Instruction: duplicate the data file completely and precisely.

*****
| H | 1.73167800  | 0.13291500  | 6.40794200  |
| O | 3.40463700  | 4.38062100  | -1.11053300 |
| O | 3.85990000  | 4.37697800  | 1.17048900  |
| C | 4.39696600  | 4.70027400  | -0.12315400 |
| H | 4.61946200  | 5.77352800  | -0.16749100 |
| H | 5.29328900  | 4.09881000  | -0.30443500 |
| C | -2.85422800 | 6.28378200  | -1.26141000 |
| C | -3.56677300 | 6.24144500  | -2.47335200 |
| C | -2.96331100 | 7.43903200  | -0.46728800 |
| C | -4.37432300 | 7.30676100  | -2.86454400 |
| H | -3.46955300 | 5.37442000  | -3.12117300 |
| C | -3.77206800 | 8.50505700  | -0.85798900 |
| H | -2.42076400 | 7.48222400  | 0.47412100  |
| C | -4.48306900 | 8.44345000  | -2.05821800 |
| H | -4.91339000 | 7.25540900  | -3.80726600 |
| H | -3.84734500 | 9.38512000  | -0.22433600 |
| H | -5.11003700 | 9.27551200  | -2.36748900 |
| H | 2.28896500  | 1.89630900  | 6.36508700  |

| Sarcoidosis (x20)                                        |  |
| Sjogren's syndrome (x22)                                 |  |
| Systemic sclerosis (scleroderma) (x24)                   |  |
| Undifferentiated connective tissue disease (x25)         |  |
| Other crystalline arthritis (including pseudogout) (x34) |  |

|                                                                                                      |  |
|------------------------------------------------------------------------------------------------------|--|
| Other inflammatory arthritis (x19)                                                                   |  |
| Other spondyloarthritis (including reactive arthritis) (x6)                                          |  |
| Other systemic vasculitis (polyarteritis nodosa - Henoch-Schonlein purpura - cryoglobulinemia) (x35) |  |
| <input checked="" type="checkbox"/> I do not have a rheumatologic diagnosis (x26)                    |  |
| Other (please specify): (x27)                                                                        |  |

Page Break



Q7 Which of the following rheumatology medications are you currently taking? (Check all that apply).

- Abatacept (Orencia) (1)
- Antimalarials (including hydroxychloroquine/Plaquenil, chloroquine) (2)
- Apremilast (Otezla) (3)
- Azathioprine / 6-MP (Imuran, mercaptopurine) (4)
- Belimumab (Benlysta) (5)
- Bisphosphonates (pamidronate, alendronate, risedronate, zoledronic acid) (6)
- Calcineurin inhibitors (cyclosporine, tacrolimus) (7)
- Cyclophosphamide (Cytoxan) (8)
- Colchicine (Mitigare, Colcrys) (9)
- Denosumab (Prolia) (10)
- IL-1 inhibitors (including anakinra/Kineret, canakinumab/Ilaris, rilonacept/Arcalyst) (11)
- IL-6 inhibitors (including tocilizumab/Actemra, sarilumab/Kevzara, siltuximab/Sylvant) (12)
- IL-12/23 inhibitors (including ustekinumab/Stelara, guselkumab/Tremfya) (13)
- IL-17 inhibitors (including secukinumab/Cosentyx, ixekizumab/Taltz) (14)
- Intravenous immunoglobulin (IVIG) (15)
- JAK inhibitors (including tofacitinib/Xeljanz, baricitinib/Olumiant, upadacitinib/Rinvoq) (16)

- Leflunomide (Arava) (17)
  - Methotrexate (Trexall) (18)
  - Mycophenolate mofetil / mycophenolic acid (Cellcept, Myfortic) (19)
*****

| H | 1.73167800  | 0.13291500  | 6.40794200  |
| O | 3.40463700  | 4.38062100  | -1.11053300 |
| O | 3.85990000  | 4.37697800  | 1.17048900  |
| C | 4.39696600  | 4.70027400  | -0.12315400 |
| H | 4.61946200  | 5.77352800  | -0.16749100 |
| H | 5.29328900  | 4.09881000  | -0.30443500 |
| C | -2.85422800 | 6.28378200  | -1.26141000 |
| C | -3.56677300 | 6.24144500  | -2.47335200 |
| C | -2.96331100 | 7.43903200  | -0.46728800 |
| C | -4.37432300 | 7.30676100  | -2.86454400 |
| H | -3.46955300 | 5.37442000  | -3.12117300 |
| C | -3.77206800 | 8.50505700  | -0.85798900 |
| H | -2.42076400 | 7.48222400  | 0.47412100  |
| C | -4.48306900 | 8.44345000  | -2.05821800 |
| H | -4.91339000 | 7.25540900  | -3.80726600 |
| H | -3.84734500 | 9.38512000  | -0.22433600 |
| H | -5.11003700 | 9.27551200  | -2.36748900 |
| H | 2.28896500  | 1.89630900  | 6.36508700  |

| Sarcoidosis (x20)                                        |  |
| Sjogren's syndrome (x22)                                 |  |
| Systemic sclerosis (scleroderma) (x24)                   |  |
| Undifferentiated connective tissue disease (x25)         |  |
| Other crystalline arthritis (including pseudogout) (x34) |  |

|                                                                                                      |  |
|------------------------------------------------------------------------------------------------------|--|
| Other inflammatory arthritis (x19)                                                                   |  |
| Other spondyloarthritis (including reactive arthritis) (x6)                                          |  |
| Other systemic vasculitis (polyarteritis nodosa - Henoch-Schonlein purpura - cryoglobulinemia) (x35) |  |
| <input checked="" type="checkbox"/> I do not have a rheumatologic diagnosis (x26)                    |  |
| Other (please specify): (x27)                                                                        |  |

Page Break



Q7 Which of the following rheumatology medications are you currently taking? (Check all that apply).

- Abatacept (Orencia) (1)
- Antimalarials (including hydroxychloroquine/Plaquenil, chloroquine) (2)
- Apremilast (Otezla) (3)
- Azathioprine / 6-MP (Imuran, mercaptopurine) (4)
- Belimumab (Benlysta) (5)
- Bisphosphonates (pamidronate, alendronate, risedronate, zoledronic acid) (6)
- Calcineurin inhibitors (cyclosporine, tacrolimus) (7)
- Cyclophosphamide (Cytoxan) (8)
- Colchicine (Mitigare, Colcrys) (9)
- Denosumab (Prolia) (10)
- IL-1 inhibitors (including anakinra/Kineret, canakinumab/Ilaris, rilonacept/Arcalyst) (11)
- IL-6 inhibitors (including tocilizumab/Actemra, sarilumab/Kevzara, siltuximab/Sylvant) (12)
- IL-12/23 inhibitors (including ustekinumab/Stelara, guselkumab/Tremfya) (13)
- IL-17 inhibitors (including secukinumab/Cosentyx, ixekizumab/Taltz) (14)
- Intravenous immunoglobulin (IVIG) (15)
- JAK inhibitors (including tofacitinib/Xeljanz, baricitinib/Olumiant, upadacitinib/Rinvoq) (16)

- Leflunomide (Arava) (17)
  - Methotrexate (Trexall) (18)
  - Mycophenolate mofetil / mycophenolic acid (Cellcept, Myfortic) (19)